The truth is, I needed a tight end that could at least hold the fort down on a cheap contract while I did some scouting and research for who I could land for the 2017 season. Enunwa, though, surprised everyone by catching 73 balls for 880 yards and 8 touchdowns despite Ryan Fitzpatrick starting at quarterback for the Jets, so I crossed off tight end as a ‘NEED’ for the draft.

The offensive line and outside linebacker positions, however, needed some major help in the draft. In fact, outside linebacker was originally below tight ends on my list, but the development of Enunwa meant I could go for a linebacker in the middle rounds.

Thankfully, that paid off in the fourth round of my first draft as I landed with Stephen Flynn, a linebacker from Notre Dame. I fell in love with the kid’s attributes and once hit the field… well, I’ll let you see the stats for yourself.

Don’t let those 2019 stats fool you: this kid has been my best defensive player since I drafted him. Even when he wasn’t getting sacks for those two years, he was making plays, breaking up passes, even did some blocking on a couple of goal line sets when my backup tight end was hurt.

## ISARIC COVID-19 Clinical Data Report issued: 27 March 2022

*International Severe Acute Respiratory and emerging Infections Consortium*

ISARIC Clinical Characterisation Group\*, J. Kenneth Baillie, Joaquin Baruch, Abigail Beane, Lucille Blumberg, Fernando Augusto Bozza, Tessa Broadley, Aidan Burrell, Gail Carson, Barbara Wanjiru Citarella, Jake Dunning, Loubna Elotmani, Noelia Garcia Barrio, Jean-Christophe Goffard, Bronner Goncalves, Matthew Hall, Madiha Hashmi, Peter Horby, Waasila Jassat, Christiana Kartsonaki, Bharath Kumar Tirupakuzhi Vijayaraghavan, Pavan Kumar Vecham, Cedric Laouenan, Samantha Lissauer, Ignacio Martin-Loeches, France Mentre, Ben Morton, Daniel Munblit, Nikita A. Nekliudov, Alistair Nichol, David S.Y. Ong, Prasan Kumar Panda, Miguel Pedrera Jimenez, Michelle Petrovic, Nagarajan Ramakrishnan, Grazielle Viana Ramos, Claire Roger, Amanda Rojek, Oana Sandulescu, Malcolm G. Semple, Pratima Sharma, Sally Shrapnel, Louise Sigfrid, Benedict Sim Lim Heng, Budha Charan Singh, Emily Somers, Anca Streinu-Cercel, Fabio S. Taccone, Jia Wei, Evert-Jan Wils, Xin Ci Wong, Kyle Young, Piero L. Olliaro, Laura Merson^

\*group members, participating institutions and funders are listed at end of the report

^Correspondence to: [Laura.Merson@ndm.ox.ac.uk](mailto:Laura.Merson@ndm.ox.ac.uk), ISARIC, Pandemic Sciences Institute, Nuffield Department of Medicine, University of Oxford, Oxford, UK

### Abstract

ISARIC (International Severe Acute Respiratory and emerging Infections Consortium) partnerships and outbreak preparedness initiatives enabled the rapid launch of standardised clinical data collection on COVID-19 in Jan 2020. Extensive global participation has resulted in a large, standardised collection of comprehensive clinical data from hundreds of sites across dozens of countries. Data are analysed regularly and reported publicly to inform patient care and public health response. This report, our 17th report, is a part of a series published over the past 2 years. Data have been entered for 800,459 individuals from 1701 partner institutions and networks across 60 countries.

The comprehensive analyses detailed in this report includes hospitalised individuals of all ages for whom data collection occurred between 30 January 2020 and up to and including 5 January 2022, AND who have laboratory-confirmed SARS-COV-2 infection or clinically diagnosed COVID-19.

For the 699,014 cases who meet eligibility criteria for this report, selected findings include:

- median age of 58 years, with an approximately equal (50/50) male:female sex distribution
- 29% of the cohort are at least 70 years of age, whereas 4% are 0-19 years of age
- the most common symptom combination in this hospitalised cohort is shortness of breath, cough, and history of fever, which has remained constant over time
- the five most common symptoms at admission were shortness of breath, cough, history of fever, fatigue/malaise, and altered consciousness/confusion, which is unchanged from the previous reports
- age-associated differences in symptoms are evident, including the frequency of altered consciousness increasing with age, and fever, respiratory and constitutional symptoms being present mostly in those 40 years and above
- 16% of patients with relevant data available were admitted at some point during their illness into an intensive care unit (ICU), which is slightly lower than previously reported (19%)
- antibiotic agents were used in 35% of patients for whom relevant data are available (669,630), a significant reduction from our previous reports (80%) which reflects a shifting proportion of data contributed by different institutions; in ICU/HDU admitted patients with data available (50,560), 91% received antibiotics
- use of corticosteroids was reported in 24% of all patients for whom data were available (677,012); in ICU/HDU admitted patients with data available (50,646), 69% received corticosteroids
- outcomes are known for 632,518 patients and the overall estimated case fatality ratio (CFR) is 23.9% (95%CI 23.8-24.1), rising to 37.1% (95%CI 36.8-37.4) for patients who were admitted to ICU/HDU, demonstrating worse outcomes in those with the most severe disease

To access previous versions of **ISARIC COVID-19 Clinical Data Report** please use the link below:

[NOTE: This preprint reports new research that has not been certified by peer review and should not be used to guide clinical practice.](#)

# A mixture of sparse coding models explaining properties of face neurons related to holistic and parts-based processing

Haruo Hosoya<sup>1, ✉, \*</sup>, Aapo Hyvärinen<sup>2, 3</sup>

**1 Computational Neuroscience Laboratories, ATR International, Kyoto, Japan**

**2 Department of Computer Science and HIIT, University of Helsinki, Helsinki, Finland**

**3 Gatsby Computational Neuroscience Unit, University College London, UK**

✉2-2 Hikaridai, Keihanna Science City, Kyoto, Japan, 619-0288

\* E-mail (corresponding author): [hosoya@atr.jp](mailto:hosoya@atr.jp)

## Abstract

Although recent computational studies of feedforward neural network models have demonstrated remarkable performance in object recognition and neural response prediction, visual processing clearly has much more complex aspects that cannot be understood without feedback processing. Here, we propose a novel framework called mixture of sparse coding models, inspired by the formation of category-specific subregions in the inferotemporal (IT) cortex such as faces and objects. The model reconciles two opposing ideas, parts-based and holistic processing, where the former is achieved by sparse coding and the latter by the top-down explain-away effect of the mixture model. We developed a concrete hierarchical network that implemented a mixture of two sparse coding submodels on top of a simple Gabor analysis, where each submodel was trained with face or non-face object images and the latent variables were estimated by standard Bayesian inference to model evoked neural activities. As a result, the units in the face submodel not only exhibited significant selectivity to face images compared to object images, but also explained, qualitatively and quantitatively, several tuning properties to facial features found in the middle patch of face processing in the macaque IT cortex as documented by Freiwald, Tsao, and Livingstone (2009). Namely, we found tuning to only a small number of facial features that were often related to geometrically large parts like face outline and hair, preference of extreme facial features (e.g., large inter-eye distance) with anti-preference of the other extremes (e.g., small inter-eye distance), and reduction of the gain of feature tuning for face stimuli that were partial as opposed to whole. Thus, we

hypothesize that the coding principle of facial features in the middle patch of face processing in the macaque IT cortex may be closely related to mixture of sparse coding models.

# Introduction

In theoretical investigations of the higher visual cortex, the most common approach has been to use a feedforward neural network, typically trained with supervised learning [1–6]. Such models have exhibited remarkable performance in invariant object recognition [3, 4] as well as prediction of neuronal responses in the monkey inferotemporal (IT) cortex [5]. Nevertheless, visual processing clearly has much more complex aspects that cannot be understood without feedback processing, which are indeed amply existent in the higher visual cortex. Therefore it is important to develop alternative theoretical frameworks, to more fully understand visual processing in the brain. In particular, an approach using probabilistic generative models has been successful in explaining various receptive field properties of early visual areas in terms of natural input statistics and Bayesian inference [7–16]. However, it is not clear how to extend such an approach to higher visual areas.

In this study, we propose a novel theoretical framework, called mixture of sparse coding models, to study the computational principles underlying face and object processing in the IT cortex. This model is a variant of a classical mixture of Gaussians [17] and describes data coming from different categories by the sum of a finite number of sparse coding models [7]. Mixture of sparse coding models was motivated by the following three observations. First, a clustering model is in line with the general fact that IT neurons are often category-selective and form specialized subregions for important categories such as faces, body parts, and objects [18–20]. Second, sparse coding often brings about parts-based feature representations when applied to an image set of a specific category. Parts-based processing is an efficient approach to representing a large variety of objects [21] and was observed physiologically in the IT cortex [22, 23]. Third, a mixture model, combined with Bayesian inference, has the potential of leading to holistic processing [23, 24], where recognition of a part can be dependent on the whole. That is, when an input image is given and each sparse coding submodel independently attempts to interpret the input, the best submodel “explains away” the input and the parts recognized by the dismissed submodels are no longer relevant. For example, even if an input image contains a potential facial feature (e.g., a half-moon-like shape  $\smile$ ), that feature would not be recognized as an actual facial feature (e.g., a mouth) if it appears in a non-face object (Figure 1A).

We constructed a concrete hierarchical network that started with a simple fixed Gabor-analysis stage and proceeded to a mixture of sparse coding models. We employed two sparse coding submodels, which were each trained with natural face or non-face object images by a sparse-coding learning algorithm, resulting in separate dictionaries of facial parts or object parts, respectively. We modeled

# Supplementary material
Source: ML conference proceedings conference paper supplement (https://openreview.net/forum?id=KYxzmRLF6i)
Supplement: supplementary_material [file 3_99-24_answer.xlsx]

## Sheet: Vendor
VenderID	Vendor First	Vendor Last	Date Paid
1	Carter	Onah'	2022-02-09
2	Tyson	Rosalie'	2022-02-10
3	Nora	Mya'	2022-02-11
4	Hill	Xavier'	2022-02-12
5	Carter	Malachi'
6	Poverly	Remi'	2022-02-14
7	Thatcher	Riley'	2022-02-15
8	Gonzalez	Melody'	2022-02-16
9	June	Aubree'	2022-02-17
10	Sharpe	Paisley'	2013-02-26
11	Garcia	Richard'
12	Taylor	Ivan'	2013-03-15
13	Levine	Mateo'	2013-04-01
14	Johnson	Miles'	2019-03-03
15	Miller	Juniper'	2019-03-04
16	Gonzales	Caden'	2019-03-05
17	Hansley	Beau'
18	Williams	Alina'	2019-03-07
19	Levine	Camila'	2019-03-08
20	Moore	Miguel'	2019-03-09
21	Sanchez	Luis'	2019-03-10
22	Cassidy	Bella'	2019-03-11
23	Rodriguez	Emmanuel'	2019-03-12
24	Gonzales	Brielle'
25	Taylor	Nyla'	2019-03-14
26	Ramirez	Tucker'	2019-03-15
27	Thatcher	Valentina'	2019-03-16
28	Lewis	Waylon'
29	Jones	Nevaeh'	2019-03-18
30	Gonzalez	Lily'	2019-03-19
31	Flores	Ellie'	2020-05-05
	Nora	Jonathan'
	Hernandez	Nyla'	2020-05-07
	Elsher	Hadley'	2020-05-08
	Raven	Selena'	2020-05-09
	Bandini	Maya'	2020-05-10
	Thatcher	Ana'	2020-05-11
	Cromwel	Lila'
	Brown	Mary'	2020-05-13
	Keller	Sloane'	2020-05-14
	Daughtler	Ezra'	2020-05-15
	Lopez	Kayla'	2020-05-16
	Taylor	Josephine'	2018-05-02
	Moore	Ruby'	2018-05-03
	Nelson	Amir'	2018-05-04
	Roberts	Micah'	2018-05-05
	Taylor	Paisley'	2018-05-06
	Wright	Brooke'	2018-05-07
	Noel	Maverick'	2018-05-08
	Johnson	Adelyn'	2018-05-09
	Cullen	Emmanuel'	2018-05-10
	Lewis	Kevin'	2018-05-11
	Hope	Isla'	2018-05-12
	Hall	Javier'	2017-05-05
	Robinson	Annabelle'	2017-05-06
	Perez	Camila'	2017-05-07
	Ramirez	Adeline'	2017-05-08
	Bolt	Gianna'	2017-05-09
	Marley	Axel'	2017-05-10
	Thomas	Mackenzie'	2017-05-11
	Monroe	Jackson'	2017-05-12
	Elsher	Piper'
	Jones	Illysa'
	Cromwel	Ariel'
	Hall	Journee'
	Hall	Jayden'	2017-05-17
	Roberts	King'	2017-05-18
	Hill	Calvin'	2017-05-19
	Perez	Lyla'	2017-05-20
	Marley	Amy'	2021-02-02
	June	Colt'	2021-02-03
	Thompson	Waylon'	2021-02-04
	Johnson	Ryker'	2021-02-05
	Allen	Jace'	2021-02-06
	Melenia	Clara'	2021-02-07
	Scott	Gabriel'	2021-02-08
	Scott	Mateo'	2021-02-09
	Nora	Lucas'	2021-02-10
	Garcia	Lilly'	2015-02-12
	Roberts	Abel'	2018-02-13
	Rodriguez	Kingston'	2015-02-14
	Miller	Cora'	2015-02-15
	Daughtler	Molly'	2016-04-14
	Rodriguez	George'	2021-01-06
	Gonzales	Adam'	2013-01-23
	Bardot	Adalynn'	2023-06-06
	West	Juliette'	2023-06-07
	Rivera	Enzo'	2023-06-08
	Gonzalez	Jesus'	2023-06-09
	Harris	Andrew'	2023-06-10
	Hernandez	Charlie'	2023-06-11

Now, imagine what would have happened if I did what I originally intended and went tight end in the fourth round? By identifying your needs throughout the season, you gain a better understanding not only of the upcoming draft, but of your team.

Think of it almost as like a poker game, a game where the secret is…

3. Know when to hold ’em…

When you scout enough guys, you start seeing the prospects that really jump out grade and attribute wise. You found a defensive back with A speed and A- hit power? Awesome! A quarterback with A+ arm power and B- acceleration? Michael Vick in Madden 04 is about to look like Jared Lorenzen in Madden 10.

Unfortunately, while you may want to snag that defensive back as quickly as you can, he’s projected to go in the fifth round. Taking a projected fifth-round player in the fourth isn’t always the worst thing, but in the first or second when there’s so many better prospects on paper?

Hold on to your picks, go for guys in that draft range at the start, and don’t be swayed by attributes of guys lower on the draft board. It’s tempting, I know, but you don’t want to reach on a guy because his early grades look good. With that said, now that you know how to hold ’em…

4. …and know when to fold

As soon as you saw that Ravens logo, that should have been a perfect indication that things were going downhill. I got tempted with my second-to-last pick with the Baltimore Ravens, saw a quarterback with great throw power and speed, and thought he would be a gem pick.

Well, mistakes happen. Let’s just say he didn’t stay on my roster too long.

The mistake that I made here was I saw two attributes I liked and, instead of re-thinking the pick when I saw his low combine grade, I instead got greedy. With a seventh-rounder, I could afford to make that mistake, but it doesn’t change the fact that I was bothered by how easily I made that mistake.